But I also found that I really missed the connective tissue that happens when you get to know your clients. Like, for me, this was a big challenge. It really bugged me that it seemed like the only way to “scale” a business was to create courses, put as many people through them as you can, and who cares if you ever talk to that person who just spent money to learn from you? So that's why when I shifted to the CEO Collective, I really knew that this was going to be more of a hybrid type of business model that allowed me to get to know all of the members inside of the Collective and also allowed me to share my strategy and my frameworks in a way that was more leveraged for me.

[08:11] Carmen Reed-Gilkison: And you bring up such a good point because the one-on-one is critical—especially when you're starting out—to really understand who your ideal client is and to find out who they aren't, right? Because we all work with people who we think are ideal, and then they turn out not to be. And you don't know that unless you're right there one-on-one with them. 

So that gives you the great data that you need to then be able to hone in on those ideal people and then put in the time, effort, and money to scale. If you want to. But if you just started with course creation and you never talked to a soul, well, someone that does that or people hear about this, the laptop lifestyle, all you have to do is digital products and all that, and it's like, okay, well, there's some truth to that, I guess. But if you're not talking to real people, then you're not solving real people's problems.

[09:03] Racheal Cook: I absolutely agree with that. And I think going straight into a high-leverage info product course business model can work if the topic is very low risk and very much like a linear process like step A, step B, step C. If I want to learn how to, I don't know, build a bookshelf. It's pretty low risk, and I probably can follow the directions in order to do that. I don't necessarily need somebody to answer every question if the directions and the course was really good.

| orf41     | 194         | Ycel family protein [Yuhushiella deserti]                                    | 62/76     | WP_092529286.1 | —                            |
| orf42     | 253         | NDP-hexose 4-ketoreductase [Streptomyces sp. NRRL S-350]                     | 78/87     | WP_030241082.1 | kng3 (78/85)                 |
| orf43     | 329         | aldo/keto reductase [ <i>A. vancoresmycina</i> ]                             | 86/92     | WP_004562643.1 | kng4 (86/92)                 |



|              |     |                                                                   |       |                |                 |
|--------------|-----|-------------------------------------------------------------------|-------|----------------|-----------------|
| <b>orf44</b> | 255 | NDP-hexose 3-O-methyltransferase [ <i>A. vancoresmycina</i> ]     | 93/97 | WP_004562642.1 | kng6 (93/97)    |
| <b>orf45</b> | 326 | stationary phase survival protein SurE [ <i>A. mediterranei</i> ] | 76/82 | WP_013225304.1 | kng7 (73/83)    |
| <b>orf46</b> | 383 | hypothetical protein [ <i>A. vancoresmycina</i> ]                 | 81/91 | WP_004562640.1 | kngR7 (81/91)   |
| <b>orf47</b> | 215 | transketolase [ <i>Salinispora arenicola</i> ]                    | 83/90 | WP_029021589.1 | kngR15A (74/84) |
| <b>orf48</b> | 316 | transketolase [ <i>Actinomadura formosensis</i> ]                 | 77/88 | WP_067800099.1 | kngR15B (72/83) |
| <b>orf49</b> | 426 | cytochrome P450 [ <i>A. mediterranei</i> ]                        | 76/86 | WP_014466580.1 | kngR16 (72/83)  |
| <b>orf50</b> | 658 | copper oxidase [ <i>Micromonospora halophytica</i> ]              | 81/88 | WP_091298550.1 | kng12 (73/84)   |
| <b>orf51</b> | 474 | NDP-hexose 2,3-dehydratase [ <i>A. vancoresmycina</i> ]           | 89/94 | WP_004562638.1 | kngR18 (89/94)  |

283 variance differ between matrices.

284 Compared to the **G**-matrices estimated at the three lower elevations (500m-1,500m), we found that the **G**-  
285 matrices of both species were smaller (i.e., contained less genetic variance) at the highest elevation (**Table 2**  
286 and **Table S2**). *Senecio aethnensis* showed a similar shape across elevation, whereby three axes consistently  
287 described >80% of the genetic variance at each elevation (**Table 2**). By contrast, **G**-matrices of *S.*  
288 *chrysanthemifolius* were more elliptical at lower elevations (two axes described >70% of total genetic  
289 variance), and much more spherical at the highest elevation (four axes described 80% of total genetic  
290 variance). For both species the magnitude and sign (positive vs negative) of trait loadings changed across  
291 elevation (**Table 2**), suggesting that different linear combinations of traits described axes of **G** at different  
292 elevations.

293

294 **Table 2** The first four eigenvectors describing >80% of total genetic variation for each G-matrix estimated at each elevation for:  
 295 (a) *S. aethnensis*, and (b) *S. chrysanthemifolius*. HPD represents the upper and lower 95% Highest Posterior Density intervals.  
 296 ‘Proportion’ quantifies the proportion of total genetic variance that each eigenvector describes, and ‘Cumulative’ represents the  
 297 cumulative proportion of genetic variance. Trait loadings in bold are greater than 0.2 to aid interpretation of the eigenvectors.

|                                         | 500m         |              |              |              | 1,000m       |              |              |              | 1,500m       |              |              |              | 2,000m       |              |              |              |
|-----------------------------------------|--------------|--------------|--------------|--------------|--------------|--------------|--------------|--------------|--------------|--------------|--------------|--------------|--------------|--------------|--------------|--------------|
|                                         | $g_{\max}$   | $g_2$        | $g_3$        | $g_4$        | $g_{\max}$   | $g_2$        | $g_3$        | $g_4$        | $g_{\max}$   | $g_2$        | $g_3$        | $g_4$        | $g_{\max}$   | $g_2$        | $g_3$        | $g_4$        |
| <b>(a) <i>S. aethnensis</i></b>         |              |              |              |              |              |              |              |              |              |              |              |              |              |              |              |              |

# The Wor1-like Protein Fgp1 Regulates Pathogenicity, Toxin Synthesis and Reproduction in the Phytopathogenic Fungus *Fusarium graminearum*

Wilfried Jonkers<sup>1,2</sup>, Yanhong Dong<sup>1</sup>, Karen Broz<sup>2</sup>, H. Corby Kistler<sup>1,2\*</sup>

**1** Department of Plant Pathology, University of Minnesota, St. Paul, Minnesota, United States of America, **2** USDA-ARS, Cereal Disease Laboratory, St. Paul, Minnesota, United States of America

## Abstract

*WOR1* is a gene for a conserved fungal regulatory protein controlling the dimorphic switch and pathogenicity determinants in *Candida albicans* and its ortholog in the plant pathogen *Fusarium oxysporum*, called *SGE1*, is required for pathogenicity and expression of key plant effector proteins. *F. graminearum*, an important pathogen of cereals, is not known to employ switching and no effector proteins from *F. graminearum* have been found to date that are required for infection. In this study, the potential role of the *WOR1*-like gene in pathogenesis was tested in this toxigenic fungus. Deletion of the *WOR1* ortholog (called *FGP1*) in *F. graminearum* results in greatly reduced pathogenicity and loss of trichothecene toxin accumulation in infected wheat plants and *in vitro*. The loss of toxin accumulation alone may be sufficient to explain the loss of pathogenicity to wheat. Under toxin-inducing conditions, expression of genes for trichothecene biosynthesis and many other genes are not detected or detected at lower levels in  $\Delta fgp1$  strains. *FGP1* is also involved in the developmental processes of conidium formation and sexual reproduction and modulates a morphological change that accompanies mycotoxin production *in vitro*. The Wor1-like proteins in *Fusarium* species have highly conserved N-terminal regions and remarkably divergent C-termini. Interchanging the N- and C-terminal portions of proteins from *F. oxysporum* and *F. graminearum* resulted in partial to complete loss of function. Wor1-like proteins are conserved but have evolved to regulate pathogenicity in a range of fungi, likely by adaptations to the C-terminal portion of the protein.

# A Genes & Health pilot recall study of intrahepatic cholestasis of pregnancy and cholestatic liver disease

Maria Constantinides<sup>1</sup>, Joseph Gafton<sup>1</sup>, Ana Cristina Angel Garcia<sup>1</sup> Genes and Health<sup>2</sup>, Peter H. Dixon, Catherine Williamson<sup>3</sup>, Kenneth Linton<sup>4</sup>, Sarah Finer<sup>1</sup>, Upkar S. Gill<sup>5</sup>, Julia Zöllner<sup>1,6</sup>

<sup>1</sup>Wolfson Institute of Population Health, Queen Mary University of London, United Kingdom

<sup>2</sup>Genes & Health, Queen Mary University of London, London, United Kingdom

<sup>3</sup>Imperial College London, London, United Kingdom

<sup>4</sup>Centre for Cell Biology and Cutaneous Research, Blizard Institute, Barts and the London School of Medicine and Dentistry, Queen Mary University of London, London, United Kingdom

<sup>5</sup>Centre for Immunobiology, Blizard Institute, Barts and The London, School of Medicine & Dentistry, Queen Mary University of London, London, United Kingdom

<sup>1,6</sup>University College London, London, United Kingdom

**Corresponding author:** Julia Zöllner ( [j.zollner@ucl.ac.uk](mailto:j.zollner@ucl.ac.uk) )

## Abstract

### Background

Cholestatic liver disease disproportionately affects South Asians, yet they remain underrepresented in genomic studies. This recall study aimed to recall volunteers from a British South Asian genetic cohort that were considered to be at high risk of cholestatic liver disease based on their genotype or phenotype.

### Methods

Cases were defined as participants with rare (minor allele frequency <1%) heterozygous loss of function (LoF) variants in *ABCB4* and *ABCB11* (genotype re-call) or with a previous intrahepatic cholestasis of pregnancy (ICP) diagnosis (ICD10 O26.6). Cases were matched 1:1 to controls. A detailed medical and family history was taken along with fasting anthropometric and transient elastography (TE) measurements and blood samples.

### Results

But when we get into spaces where it's a higher risk, and there's more variability between our clients, there are more differences between our clients; we can teach foundations, we can teach framework, but if there's nothing that you have in your back pocket where you can understand why this wouldn't work for this type of person or the tweaks that this type of person might need to consider, you'll never learn that unless you're talking to actual people.

[10:05] Deirdre Harter: That is so very true. And I think that's where the frustration from entrepreneurs comes in, is that they never truly get to know who their ideal client is. And we do the exercise right, and then we think we've got it, only to find out six months later, like, no, we don't quite have it yet. And it's this iterative process you have to go through again and again.

[10:25] Racheal Cook: Yeah, I think this is a big disservice that the online education space has done for small businesses because, in a more traditional business world, we would be doing market research. Like, companies have entire research and development departments. They have entire market research teams where they're going out there and doing test groups and trying to see how people respond to things. 

So the rest of the business world is very much like, we got to understand who our ideal client is. This is something that they know about. But I think a lot of times in the entrepreneur space, because it doesn't seem that exciting, and it requires a lot of time to talk to a lot of people and gather these insights. It feels like something that a worksheet would handle, but it simply isn't.